What's the story with end-fed antenna's?

Discussion in 'Antennas, Feedlines, Towers & Rotors' started by KI7QVR, Feb 27, 2018.

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  1. W8IXI

    W8IXI Platinum Subscriber Platinum Subscriber QRZ Page

    If you are fairly new to ham radio and reading this thread for advice you would be better advised to understand that the non-subscriber posters here are just out behind the barn comparing the length of things that don't affect your actual ability to get on the air on HF.

    It's well accepted here and elsewhere that nearly all wire antennas designed and discussed here or anywhere have been around for 80 to 100 years. Wire antenna designs have been well know before most of the posters here were born. Don't delay getting on the air by "paralysis by analysis".

    After following this thread for awhile I pulled out my 1963 and 1969 ARRL Manuals for an antenna refersher. It was refreshing.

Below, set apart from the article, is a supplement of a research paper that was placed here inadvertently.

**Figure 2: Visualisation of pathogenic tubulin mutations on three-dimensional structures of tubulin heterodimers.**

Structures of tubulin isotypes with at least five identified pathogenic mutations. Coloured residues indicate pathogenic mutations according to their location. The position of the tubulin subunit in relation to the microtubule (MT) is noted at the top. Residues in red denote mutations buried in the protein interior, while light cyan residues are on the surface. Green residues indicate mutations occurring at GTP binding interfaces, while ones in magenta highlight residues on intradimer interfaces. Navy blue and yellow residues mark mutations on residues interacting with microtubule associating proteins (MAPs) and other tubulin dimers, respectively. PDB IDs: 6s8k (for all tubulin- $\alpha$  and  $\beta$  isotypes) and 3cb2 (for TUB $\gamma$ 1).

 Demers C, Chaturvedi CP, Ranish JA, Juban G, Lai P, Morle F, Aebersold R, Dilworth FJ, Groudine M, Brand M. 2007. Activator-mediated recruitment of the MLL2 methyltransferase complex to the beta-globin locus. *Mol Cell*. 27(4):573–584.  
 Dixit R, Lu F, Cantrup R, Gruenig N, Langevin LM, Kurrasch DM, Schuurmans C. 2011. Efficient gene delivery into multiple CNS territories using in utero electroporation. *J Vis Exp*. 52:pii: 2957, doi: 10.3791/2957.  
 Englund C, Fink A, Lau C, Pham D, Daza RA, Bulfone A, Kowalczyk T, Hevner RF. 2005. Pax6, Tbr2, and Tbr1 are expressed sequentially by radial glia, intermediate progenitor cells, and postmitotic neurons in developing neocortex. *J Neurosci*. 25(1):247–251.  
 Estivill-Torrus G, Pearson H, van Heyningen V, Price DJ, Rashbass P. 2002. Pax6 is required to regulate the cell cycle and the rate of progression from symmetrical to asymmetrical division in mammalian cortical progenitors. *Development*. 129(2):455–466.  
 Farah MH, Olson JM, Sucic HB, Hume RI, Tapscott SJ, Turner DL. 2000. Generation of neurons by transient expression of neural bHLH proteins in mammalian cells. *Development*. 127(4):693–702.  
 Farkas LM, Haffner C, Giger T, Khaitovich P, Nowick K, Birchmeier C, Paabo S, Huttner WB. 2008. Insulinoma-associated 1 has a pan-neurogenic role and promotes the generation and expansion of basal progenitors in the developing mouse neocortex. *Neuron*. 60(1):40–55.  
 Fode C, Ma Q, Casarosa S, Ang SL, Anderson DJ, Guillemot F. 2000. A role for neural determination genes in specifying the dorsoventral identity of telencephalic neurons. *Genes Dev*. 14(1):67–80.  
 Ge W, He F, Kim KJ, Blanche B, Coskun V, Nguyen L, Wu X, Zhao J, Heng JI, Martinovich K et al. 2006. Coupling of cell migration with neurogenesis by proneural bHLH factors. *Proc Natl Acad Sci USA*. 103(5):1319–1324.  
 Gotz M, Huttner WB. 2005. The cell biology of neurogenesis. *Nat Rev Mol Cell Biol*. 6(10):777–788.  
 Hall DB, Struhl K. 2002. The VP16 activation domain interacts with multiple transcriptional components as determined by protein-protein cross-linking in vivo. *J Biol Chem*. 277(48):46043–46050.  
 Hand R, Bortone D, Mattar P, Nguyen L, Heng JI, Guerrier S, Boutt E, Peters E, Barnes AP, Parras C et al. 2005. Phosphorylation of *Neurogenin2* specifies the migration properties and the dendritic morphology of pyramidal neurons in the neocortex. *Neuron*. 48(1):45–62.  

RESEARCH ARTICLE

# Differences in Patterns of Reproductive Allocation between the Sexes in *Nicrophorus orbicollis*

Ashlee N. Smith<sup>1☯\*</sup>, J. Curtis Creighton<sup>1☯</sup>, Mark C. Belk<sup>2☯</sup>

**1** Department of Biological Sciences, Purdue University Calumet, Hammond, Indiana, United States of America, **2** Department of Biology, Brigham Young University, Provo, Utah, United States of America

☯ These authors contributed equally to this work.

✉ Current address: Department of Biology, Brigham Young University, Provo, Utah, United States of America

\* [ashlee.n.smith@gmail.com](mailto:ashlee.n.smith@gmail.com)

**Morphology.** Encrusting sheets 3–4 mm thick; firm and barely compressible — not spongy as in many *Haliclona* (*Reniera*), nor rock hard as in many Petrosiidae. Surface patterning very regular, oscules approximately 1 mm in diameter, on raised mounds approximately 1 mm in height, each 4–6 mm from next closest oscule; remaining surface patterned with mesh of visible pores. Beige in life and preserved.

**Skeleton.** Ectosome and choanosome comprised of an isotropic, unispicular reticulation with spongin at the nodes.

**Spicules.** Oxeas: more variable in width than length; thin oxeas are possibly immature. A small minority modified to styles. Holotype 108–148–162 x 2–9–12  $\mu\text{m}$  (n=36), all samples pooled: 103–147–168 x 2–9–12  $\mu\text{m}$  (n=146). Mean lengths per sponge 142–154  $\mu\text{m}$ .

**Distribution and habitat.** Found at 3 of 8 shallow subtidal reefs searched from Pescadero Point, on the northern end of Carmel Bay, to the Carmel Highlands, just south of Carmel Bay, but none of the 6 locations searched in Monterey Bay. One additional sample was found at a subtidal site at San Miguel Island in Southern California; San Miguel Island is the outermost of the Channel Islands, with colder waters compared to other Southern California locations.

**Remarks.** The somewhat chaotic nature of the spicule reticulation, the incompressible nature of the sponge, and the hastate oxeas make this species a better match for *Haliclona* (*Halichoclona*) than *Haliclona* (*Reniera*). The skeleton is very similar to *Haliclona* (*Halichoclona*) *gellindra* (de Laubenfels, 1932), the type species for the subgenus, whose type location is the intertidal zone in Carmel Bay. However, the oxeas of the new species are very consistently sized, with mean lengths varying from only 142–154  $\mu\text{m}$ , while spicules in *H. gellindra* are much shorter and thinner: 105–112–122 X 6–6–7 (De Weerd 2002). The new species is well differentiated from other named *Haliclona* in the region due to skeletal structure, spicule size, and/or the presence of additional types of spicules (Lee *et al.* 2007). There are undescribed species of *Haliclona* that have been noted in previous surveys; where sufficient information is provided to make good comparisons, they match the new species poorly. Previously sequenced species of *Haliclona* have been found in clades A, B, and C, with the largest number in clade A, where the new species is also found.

If you are an ARRL member, all of the antenna stuff going back to 1915 is a pretty good read. Clarence Tuska is pretty impressive.

    Some of my original wire creations in the 1960's as a novice would horrify me today. I don't even want to describe them.. As a novice I was only able to get out eight or nine thousand miles.

    Get something in the air and get on the air....

    73, Mike
     
    KC8VWM and N0TZU like this.
  2. W9XMT

    W9XMT Ham Member QRZ Page

    Those considering/analyzing/testing the performance of end-fed antennas should be interested in the comments of Roy Lewallen in his Help file for EZNEC, under the subject End Fed Antennas.

    Below is a clip from those comments in EZNEC v.6.0. The "very short piece of wire" he refers to in the second sentence before the end of the quote applies to the ~0.05λ counterpoise wire suggested for a practical end-fed half-wave (EFHW) antenna.

    That counterpoise wire or a functional substitute for it such as the outer surface of the outer conductor of a coax transmission line connected at/near the end of the single "antenna" wire of an EFHW are required for that antenna system configuration to radiate a significant amount of the Z-matched output power available from the transmitter.